We all know IP is critical for advanced ASIC design. Well-designed and carefully tested IP blocks and subsystems are the lifeblood of any advanced chip project. Those IP suppliers who can measure up to the need, especially at advanced process nodes, will do well, absolutely.
It is interesting to note that eSilicon now has a very large internal IP group that is both developing IP and qualifying external IP to ensure there are no design spins and recently eSilicon has taken the mandate for quality IP to a new level.
A few weeks ago they announced neuASIC™, a 7nm IP platform for AI/deep learning that was covered by SemiWiki. This platform aims to make it easier to track changing AI algorithms in silicon by offering a library of configurable subsystems that can be easily assembled in an “ASIC chassis” – a kind of pre-defined architecture. This kind of approach takes IP quality, compatibility and configurability to a new level.
eSilicon is expanding their IP platform strategy this week. This time it’s a 7nm IP platform targeted at networking and switching ASICs for the data center. In this market, algorithms don’t change that much since everyone is designing to a standard protocol. What is challenging for these designs is hitting ultra-high-performance demands at a commercially acceptable power and density. To get that done requires a lot of tuning and trade-offs and that’s where eSilicon’s networking platform comes in.
All the elements of the platform have configurability built in, making it easier to perform the balancing act required to hit the power, performance and area requirements for advanced networking applications. All IP in the platform is “plug and play,” using the same metal stack, reliability requirements, operating ranges, control interfaces and DFT methodology. That also helps with integration and configuration. eSilicon complements their extensive library of IP with third-party offerings for the more commoditized functions, such as PCI Express PHYs, controllers, PLLs and PVT monitors. What is interesting is that eSilicon claims all the third-party IP in the platform adheres to the same compatibility and integration rules.
So what’s in the networking platform? Here’s a summary of the key parts:
At the core of the platform is eSilicon’s SerDes technology – communicating between chips is critical for these applications and the SerDes block is what does that. eSilicon’s design is based on a novel DSP-based architecture. Two 7nm PHYs support 56G and 112G NRZ/PAM4 operation to provide the best power efficiency tradeoffs for server, fabric and line-card applications. The clocking architecture provides extreme flexibility to support multi-link and multi-rate operations per SerDes lane. A multitude of protocols are supported including Ethernet and Fibre Channel. The architecture allows scaling power consumption even further for shorter-reach channels. eSilicon claims a lot more capabilities and innovations for their SerDes technology. You can check out their website to find out more.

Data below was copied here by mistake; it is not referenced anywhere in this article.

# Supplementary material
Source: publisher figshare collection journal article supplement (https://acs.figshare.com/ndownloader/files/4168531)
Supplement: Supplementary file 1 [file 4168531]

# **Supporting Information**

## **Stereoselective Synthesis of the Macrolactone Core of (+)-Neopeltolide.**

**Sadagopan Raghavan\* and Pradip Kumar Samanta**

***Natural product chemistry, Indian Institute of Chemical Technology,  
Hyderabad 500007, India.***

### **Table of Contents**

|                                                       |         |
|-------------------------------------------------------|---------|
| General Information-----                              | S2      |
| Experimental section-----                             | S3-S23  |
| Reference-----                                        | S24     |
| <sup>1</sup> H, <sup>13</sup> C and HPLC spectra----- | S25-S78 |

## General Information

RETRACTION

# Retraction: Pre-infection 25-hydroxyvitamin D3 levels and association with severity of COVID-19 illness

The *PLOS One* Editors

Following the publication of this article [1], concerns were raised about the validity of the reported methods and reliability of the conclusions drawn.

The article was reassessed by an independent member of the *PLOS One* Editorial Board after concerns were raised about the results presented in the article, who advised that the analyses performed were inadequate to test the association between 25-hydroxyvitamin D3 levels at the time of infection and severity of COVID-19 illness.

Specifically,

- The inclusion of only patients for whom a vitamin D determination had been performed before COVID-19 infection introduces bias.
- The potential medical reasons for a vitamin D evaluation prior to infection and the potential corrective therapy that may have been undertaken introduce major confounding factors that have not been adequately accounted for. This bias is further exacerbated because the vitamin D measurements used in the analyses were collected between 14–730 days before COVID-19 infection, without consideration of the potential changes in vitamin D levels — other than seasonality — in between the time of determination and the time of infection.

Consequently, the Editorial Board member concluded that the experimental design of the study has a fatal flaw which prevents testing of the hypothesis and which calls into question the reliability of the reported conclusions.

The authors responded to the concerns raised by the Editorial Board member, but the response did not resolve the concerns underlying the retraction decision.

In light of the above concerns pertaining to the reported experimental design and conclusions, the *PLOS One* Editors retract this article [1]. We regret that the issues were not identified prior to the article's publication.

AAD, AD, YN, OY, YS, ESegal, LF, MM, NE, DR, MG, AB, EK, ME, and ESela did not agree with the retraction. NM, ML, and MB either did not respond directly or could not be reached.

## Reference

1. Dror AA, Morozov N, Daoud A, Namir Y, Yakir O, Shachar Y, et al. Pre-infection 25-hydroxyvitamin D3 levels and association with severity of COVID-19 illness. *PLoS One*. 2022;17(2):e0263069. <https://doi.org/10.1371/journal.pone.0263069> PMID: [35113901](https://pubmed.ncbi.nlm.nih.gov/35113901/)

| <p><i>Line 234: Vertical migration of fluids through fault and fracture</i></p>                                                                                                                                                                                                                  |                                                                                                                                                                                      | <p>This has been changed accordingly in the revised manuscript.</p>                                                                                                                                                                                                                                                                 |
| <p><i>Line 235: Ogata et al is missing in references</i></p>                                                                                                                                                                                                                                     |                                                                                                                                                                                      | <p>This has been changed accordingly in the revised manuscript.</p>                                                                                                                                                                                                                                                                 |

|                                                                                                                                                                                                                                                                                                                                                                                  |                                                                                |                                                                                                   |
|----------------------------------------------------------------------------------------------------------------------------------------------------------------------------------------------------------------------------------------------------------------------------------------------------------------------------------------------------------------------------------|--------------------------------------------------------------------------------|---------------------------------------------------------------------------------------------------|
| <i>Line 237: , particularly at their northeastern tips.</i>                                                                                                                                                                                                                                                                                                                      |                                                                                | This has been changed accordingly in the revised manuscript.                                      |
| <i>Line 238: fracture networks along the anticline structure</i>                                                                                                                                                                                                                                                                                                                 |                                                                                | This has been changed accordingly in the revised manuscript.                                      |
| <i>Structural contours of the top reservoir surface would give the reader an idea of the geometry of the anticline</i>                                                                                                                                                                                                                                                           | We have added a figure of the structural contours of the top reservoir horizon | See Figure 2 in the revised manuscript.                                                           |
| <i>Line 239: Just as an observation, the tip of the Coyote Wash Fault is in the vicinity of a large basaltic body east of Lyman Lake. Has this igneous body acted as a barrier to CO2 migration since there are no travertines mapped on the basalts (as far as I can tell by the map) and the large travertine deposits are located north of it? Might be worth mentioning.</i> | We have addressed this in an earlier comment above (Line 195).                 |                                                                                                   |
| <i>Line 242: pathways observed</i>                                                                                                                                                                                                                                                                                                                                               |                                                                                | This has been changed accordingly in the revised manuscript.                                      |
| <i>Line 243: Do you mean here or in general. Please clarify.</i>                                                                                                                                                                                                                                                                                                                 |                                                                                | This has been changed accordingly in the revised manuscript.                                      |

TCAMs are a big part of the platform and a big part of networking ASICs as well. Unlike a regular memory that returns the value stored in a given address, a TCAM returns all the addresses where a given value is stored. This comes in handy for packet processing applications. eSilicon has delivered 12 generations of TCAM technology and the current 7nm compiler supports low-power operation with partial-pipelined search, resulting in power savings. BIST enhancements allow faster design cycles and simulation through soft programming. A patented Duo architecture and two-cycle read/write architecture reduce area and power even further for large networking ASICs.
A lot of data center ASICs use HBM memory stacks to provide a large amount of storage that is easily accessible by the ASIC. These devices use a 2.5D integration scheme for the HBM memory stacks, so the PHY, or physical interface to those stacks is a key element of the power and performance profile. eSilicon has an HBM PHY (gen 2) as part of the platform as well. eSilicon’s HBM2 PHY integrates unique features to minimize switching noise and duty cycle distortion to provide a risk-free, robust solution. The PHY is a self-contained, hardened macro that offers many programmable hooks to architects. Drive strength calibration and jitter reduction as well as dedicated circuitry for training and lane repair are offered as well. eSilicon also has a 2.5D HBM enablement package. Based on seven years of experience with 2.5D design, this package provides easy integration of the HBM2 PHY and associated HBM2 DRAM stacks.
Rounding out the platform is an array of unique, network-optimized, high-speed and ultra-high-density memory compilers, register files and latch-based compilers optimized for extreme density and performance.Share this post via: